Saturday, November 21, 2015

4/5 Ninja Stars for Bubishi by Patrick McCarthy

In the interest of full disclosure, I received this book from the publisher for review purposes
Title: Bubishi The Classic Manual of Combat
Translated with Commentary by: Patrick McCarthy
Publisher: Tuttle
Format: Hardcover
Cover Price: $27.95 $19.57(US)

    Bubishi is a title that's been hanging around my wishlist for a while now.  It's always been presented to me was as the "Bible of Karate."  Which I don't know quite how to take.  What does that mean?  Is it a series of rules and stories to live by if you're a karateka (person who does karate)?  In my head, it was kind of a Book of Five Rings or an Art of War, but somehow specifically written for karateka.  So I went into this book, not really knowing what to expect.  I have to say, as is more often the case than not, I was pleasantly surprised. 

NOTE: The editor just let me know that a new edition will be coming out in May 2016.  So start saving your pennies.


    From what I gathered from Patrick McCarthy Hanshi is that the Bubishi was the original hand written Chinese Kung Fu manuals that made their way over to Ryuku islands (what we would think of as Okinawa) to somehow form the basis for the original Okinawan art of Te, which eventually became Karate.  Many of the originators of what today is called karate had their own hand-copied version of the Bubishi, and swore by it.  My interpretation of the book is that there is no one official Bubishi manual, but indeed several versions of it, all of which mostly overlap in material.  What Mr. McCarthy did was to hunt down many of those versions, coalesce them, and offer an modernized interpretation to them. 
    The book itself is divided into several different sections.  The first involves the histories, stories, and legends of what Chinese martial arts migrated to the islands, and why they each have a piece of validity to them.  He then breaks the articles in the Bubishi into related subjects.  There is a section on history and philosophy, one on Chinese Herbal Medicine, another on Vital Points, and the last section is on Fighting techniques.  There are also lots of pictures of the original manual with translations of the Chinese texts.


    The translation and commentary by Mr. McCarthy was definitely worth the book by itself.  He has obviously put a large amount of time and energy into this product.  In fact the version I read was the third or fourth re-write from the original, with more work and insight having been poured into each new edition.  I enjoyed the frank and thoughtful observation of the various theories of how the Bubishi and the Chinese arts made they way to the Okinawan islands with a critique of the value of each theory as to its validity.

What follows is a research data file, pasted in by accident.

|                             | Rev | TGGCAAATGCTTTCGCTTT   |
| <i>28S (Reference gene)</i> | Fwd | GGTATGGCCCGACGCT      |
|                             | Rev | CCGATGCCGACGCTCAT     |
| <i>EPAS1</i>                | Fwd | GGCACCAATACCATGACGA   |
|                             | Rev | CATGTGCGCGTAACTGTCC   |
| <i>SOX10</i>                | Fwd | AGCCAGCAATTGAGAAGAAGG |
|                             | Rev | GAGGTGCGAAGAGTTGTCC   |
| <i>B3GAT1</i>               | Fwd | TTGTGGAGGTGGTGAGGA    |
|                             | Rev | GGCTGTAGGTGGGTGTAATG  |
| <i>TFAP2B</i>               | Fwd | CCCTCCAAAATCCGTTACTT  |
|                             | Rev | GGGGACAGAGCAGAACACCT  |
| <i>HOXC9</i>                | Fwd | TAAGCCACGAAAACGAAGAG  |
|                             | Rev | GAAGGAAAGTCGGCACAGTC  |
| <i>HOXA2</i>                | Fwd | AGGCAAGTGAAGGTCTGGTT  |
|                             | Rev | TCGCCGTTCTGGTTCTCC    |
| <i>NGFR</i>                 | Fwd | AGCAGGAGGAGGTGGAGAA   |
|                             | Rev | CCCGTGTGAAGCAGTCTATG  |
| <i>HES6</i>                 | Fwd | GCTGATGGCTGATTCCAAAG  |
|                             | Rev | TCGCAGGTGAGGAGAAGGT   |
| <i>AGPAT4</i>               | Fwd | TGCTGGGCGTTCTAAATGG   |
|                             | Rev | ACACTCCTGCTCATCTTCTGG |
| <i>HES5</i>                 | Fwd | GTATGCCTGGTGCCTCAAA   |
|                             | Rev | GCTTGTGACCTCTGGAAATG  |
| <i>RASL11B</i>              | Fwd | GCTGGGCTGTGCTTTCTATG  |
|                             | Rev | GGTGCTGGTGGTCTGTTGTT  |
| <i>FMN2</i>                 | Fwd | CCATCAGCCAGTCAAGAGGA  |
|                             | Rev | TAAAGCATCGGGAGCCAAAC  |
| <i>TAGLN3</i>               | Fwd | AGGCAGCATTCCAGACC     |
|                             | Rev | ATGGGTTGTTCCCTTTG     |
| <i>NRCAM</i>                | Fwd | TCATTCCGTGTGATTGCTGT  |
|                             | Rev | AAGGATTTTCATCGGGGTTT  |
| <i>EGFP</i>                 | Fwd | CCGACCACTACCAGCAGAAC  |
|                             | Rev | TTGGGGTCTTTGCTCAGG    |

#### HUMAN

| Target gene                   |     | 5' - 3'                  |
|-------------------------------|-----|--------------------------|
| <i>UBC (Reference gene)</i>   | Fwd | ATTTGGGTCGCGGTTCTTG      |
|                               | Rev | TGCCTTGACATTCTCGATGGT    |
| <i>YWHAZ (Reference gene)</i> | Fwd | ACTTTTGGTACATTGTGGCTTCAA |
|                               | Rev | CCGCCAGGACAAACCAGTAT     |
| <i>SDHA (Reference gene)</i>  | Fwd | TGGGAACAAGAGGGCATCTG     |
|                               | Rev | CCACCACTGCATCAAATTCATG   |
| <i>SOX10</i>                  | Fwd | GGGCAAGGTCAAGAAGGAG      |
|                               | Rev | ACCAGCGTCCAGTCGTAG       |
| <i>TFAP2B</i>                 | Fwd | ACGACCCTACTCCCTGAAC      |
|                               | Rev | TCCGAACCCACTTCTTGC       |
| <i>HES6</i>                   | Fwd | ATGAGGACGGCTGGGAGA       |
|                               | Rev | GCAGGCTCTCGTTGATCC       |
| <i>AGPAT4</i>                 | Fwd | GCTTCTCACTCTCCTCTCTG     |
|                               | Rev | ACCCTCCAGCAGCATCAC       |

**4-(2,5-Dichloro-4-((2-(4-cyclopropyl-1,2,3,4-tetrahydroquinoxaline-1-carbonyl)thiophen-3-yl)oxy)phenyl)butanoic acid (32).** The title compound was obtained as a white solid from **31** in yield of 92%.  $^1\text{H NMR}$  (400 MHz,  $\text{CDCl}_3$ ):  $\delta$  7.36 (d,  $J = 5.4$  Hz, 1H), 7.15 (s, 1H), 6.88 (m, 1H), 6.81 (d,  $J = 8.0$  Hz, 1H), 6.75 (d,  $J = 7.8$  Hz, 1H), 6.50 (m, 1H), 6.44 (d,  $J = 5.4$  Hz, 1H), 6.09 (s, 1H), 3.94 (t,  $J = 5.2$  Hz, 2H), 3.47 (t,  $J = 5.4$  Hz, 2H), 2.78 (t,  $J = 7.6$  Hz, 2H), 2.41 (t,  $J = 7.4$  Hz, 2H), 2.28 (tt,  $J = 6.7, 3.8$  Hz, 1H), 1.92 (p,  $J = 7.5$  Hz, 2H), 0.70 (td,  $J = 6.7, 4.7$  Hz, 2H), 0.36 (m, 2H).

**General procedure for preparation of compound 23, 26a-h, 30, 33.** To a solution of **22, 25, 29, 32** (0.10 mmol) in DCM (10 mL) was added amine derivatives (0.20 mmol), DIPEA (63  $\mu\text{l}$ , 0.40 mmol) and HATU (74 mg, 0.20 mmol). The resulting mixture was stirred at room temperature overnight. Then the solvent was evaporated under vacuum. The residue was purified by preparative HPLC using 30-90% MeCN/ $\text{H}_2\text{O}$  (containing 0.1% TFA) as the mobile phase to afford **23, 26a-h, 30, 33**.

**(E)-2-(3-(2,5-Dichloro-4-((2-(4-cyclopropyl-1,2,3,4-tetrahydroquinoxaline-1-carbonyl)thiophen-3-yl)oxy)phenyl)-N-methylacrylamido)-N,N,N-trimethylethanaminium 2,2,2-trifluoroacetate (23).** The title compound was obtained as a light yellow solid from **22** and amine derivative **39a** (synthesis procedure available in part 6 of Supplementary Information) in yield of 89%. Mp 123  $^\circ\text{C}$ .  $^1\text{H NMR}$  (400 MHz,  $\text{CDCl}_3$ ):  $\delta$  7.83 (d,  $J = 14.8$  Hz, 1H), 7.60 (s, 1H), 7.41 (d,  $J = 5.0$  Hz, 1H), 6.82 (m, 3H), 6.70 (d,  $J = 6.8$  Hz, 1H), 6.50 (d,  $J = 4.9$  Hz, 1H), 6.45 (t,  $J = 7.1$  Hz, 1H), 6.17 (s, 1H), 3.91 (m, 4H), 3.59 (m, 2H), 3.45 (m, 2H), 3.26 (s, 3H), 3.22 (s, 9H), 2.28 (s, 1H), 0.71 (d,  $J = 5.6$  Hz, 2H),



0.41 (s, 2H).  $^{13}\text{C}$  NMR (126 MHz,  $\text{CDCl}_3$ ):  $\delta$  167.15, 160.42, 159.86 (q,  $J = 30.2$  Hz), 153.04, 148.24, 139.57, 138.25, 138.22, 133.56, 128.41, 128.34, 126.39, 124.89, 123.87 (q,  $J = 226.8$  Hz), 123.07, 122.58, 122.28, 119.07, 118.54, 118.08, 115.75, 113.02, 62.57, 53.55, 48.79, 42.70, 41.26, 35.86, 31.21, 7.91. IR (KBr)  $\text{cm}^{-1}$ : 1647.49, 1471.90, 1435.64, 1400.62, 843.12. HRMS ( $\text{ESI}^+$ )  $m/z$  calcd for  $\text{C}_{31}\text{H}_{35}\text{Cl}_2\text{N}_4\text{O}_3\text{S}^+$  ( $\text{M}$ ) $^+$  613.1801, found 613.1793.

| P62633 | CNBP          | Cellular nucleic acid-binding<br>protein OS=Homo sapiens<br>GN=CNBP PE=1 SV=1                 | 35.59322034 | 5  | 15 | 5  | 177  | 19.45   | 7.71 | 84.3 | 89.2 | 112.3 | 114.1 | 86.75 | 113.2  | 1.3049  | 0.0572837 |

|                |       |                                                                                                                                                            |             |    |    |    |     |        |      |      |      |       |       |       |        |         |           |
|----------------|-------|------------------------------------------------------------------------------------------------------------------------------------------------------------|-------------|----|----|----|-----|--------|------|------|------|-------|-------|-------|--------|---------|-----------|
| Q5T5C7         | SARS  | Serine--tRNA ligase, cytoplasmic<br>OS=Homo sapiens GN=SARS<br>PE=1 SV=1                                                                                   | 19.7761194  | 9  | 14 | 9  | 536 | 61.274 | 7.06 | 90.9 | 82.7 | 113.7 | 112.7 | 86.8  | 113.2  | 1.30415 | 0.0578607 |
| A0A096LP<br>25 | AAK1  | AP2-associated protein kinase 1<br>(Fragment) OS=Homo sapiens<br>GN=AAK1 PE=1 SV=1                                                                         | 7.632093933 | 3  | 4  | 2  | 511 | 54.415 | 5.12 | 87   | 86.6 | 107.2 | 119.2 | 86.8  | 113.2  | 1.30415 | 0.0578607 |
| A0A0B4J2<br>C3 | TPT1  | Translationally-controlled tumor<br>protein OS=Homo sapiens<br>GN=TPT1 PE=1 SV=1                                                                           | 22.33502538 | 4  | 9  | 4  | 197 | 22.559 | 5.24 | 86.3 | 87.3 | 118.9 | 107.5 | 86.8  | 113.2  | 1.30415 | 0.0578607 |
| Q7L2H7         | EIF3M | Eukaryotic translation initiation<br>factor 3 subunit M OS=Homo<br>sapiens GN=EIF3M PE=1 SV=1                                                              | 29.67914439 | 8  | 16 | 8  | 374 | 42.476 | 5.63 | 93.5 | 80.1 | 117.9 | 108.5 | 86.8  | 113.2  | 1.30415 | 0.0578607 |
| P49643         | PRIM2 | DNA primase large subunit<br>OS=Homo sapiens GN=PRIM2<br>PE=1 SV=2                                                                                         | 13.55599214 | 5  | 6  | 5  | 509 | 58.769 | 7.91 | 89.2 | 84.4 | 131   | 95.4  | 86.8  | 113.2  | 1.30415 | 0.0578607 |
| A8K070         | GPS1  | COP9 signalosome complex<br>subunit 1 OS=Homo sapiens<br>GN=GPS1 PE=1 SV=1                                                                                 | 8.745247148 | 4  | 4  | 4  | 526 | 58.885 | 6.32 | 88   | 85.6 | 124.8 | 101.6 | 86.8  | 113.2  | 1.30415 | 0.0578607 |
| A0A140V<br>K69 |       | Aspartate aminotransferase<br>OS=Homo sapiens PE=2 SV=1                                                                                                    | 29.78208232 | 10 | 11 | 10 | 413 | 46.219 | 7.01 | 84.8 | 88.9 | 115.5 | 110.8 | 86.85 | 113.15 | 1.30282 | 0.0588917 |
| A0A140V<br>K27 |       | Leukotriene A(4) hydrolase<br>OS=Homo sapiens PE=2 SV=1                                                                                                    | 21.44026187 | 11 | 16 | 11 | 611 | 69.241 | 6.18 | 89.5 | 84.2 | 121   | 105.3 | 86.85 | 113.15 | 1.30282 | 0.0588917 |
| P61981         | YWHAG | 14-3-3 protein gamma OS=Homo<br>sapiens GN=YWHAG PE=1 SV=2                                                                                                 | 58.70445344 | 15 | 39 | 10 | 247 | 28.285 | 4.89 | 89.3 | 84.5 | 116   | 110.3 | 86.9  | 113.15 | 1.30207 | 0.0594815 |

He also went to great troubles to get an accurate interpretation of  the writings themselves.  As he states many times, the older language was not only hard to translate by itself, but often rife with terms only meaningful to those of a specific dialect of Chinese.  I guess this is how a lot of the secrecy and Oriental mystique gets started, but I did enjoy that Indiana Jones research aspect to his contribution to the story.
    The portion on pressure points and fighting techniques seemed, to me, to be of the most universal use to martial artists of any ilk.  The pictures and descriptions would have to be gone over, and dissected many time before they would reveal their wisdom.  But, isn't that one of the fun parts of martial arts?


    I am not a subscriber to traditional Chinese medicine in anyway shape or form, just because I haven't found any science to back it up (did I mention I'm a science teacher), so that portion of the book held no interest for me.  I understand as a historical look at Karate, and the portion of Chinese culture that gave rise to Karate, it has value.  And I understand that it was part of the original Bubishi, so why it should be included, but for me, it was easily overlooked.  Maybe one day I'll go back and look at it more in depth.  In some ways I feel bad because I get the feeling that Mr. McCarthy had the most trouble, and put in the most effort with that section of articles of the Bubishi.


     I do believe that this book, and Mc. McCarthy's version in particular, probably has a lot to give any martial artist.  I don't practice karate, but the ideas of history, philosophy, pressure points, and techniques presented seem to be pretty universal, and deeper meaning than the once-over would reveal.  As such, I'm going to give the book 4 out of 5 Ninja Stars, just because I didn't find the Traditional Chinese Medicine portion useful.  I'm sure there are people out there that will scoff at me for that, but that's my opinion. 

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